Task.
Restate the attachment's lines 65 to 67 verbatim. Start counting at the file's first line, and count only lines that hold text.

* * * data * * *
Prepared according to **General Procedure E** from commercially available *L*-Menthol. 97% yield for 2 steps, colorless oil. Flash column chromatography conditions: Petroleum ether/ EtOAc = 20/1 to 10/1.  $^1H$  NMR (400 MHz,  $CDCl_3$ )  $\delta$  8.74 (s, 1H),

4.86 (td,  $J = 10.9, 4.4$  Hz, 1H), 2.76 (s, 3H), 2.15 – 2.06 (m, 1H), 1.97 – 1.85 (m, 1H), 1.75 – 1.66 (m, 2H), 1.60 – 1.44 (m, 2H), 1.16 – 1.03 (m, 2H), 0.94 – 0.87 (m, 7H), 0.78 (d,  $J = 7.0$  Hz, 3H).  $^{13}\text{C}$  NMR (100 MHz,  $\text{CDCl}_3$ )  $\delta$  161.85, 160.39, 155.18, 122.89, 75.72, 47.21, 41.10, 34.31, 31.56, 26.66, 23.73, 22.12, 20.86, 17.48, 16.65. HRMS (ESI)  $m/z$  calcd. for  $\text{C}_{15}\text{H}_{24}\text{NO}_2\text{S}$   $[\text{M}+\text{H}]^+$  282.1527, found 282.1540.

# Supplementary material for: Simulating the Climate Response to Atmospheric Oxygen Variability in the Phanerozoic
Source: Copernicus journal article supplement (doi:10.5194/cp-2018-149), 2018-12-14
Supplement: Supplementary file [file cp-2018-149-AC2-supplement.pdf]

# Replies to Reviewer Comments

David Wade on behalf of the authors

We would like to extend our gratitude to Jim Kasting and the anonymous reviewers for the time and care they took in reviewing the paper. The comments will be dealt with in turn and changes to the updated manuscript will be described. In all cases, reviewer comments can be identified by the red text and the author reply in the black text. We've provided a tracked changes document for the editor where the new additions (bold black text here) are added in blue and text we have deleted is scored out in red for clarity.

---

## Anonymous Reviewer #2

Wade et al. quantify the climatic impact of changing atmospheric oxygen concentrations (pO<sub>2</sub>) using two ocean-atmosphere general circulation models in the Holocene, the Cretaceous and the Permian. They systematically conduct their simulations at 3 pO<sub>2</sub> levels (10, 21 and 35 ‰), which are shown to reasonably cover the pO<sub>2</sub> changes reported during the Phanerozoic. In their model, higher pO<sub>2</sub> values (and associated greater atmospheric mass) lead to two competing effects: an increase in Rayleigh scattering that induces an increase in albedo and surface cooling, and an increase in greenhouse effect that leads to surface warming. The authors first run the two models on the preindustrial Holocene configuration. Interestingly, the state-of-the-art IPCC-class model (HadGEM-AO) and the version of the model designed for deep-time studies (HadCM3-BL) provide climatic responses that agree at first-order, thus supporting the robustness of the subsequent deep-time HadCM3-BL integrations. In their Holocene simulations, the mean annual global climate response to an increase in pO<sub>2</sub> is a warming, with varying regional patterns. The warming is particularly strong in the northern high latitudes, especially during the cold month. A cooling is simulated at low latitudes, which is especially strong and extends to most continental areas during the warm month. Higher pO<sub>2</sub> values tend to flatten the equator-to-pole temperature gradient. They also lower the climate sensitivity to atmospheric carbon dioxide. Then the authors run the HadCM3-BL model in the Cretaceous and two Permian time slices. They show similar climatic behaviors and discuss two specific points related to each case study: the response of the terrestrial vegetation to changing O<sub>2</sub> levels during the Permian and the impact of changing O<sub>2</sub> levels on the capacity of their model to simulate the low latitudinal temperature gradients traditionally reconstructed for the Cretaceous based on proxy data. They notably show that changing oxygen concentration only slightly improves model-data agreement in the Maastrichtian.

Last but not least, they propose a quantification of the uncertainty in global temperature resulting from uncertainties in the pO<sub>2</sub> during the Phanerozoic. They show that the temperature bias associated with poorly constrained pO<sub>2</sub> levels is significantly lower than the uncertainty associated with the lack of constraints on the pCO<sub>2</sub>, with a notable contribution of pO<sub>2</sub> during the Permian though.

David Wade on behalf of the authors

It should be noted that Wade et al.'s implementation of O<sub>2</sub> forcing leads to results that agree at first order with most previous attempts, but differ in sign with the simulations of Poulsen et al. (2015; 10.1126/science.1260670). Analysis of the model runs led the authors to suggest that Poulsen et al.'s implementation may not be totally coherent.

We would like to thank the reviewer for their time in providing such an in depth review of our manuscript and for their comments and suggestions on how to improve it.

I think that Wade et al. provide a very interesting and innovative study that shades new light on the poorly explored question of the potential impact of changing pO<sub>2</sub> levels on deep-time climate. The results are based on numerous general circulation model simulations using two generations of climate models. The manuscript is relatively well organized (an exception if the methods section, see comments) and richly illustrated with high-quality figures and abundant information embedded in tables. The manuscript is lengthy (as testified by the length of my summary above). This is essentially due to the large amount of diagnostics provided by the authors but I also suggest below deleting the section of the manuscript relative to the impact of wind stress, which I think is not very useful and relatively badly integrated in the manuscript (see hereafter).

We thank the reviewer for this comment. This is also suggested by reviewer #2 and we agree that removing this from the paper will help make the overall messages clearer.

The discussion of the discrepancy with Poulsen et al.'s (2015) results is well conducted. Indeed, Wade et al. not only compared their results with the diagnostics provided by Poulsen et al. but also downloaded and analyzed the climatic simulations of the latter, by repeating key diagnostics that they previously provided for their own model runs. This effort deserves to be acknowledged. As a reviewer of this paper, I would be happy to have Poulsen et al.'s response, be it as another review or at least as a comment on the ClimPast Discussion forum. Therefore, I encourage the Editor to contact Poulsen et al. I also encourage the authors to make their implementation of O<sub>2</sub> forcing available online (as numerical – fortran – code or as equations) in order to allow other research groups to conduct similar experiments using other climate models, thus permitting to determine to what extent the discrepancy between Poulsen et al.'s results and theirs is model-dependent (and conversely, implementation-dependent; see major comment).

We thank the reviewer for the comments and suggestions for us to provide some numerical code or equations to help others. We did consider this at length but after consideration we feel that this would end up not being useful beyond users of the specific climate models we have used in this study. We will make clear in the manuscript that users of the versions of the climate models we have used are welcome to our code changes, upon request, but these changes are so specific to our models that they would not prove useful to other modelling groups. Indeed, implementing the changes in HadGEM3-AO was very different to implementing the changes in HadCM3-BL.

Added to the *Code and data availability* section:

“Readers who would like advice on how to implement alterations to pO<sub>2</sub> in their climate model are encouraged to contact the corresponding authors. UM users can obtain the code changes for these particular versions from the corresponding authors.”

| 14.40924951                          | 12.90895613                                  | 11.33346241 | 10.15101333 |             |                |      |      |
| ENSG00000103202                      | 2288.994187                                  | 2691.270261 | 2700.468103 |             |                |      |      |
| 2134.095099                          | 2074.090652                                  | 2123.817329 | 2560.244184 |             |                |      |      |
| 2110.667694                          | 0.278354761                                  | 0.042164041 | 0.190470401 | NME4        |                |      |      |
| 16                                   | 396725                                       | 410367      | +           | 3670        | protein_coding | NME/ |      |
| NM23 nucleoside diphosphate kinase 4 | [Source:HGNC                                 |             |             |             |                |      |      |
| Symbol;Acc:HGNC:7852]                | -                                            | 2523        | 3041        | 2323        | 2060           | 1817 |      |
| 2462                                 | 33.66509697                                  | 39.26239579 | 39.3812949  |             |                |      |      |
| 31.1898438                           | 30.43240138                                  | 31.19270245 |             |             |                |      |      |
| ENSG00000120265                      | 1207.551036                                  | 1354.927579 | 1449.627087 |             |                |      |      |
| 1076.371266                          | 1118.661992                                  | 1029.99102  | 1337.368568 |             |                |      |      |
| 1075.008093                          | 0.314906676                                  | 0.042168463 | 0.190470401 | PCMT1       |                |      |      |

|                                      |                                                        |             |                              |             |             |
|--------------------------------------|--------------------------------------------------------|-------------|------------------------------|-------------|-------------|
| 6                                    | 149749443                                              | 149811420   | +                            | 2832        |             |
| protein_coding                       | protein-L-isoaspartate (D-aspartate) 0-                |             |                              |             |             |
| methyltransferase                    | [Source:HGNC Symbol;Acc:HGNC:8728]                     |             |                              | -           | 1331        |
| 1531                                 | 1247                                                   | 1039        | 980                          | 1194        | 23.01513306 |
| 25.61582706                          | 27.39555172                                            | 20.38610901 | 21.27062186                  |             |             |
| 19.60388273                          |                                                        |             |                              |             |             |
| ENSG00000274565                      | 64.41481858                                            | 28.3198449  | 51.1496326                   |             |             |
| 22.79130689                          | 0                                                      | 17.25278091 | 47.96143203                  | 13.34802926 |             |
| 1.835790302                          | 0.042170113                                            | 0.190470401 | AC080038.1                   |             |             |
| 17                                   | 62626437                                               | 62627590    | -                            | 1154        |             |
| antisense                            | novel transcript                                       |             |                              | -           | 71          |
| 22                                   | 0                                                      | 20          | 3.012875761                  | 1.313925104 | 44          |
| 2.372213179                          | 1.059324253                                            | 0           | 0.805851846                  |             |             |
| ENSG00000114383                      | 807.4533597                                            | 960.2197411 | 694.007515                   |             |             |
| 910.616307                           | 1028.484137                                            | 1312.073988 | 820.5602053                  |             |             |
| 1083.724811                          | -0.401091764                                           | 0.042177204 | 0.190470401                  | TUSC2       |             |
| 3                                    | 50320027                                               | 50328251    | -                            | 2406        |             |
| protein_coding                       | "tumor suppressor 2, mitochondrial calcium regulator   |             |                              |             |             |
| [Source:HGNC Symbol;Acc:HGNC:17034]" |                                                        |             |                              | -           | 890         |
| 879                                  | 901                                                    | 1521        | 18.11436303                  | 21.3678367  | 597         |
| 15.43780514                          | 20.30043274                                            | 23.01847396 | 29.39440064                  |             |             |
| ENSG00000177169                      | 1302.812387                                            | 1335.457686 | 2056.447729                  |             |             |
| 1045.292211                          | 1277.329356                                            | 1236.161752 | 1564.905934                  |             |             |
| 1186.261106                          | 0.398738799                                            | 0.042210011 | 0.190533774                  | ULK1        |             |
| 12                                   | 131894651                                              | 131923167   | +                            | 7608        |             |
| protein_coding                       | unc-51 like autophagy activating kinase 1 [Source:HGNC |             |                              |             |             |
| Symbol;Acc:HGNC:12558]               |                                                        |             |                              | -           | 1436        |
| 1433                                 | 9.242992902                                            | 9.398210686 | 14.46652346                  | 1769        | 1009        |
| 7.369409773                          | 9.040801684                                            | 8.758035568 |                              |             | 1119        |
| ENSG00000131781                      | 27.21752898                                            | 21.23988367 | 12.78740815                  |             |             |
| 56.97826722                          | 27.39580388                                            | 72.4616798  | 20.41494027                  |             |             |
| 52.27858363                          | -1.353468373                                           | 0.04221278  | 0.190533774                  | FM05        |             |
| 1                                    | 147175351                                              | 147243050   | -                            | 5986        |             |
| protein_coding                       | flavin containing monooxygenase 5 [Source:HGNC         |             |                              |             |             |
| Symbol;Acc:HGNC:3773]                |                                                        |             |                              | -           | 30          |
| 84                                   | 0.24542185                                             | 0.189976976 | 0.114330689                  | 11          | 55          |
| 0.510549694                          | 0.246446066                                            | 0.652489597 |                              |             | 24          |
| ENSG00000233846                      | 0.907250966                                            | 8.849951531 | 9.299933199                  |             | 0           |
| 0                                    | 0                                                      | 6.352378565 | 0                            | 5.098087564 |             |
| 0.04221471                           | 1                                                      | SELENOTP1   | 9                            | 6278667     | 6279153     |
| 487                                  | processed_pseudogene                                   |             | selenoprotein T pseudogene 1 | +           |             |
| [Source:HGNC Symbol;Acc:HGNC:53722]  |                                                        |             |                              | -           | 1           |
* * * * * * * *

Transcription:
| ENSG00000131781                      | 27.21752898                                            | 21.23988367 | 12.78740815                  |             |             |
| 56.97826722                          | 27.39580388                                            | 72.4616798  | 20.41494027                  |             |             |
| 52.27858363                          | -1.353468373                                           | 0.04221278  | 0.190533774                  | FM05        |             |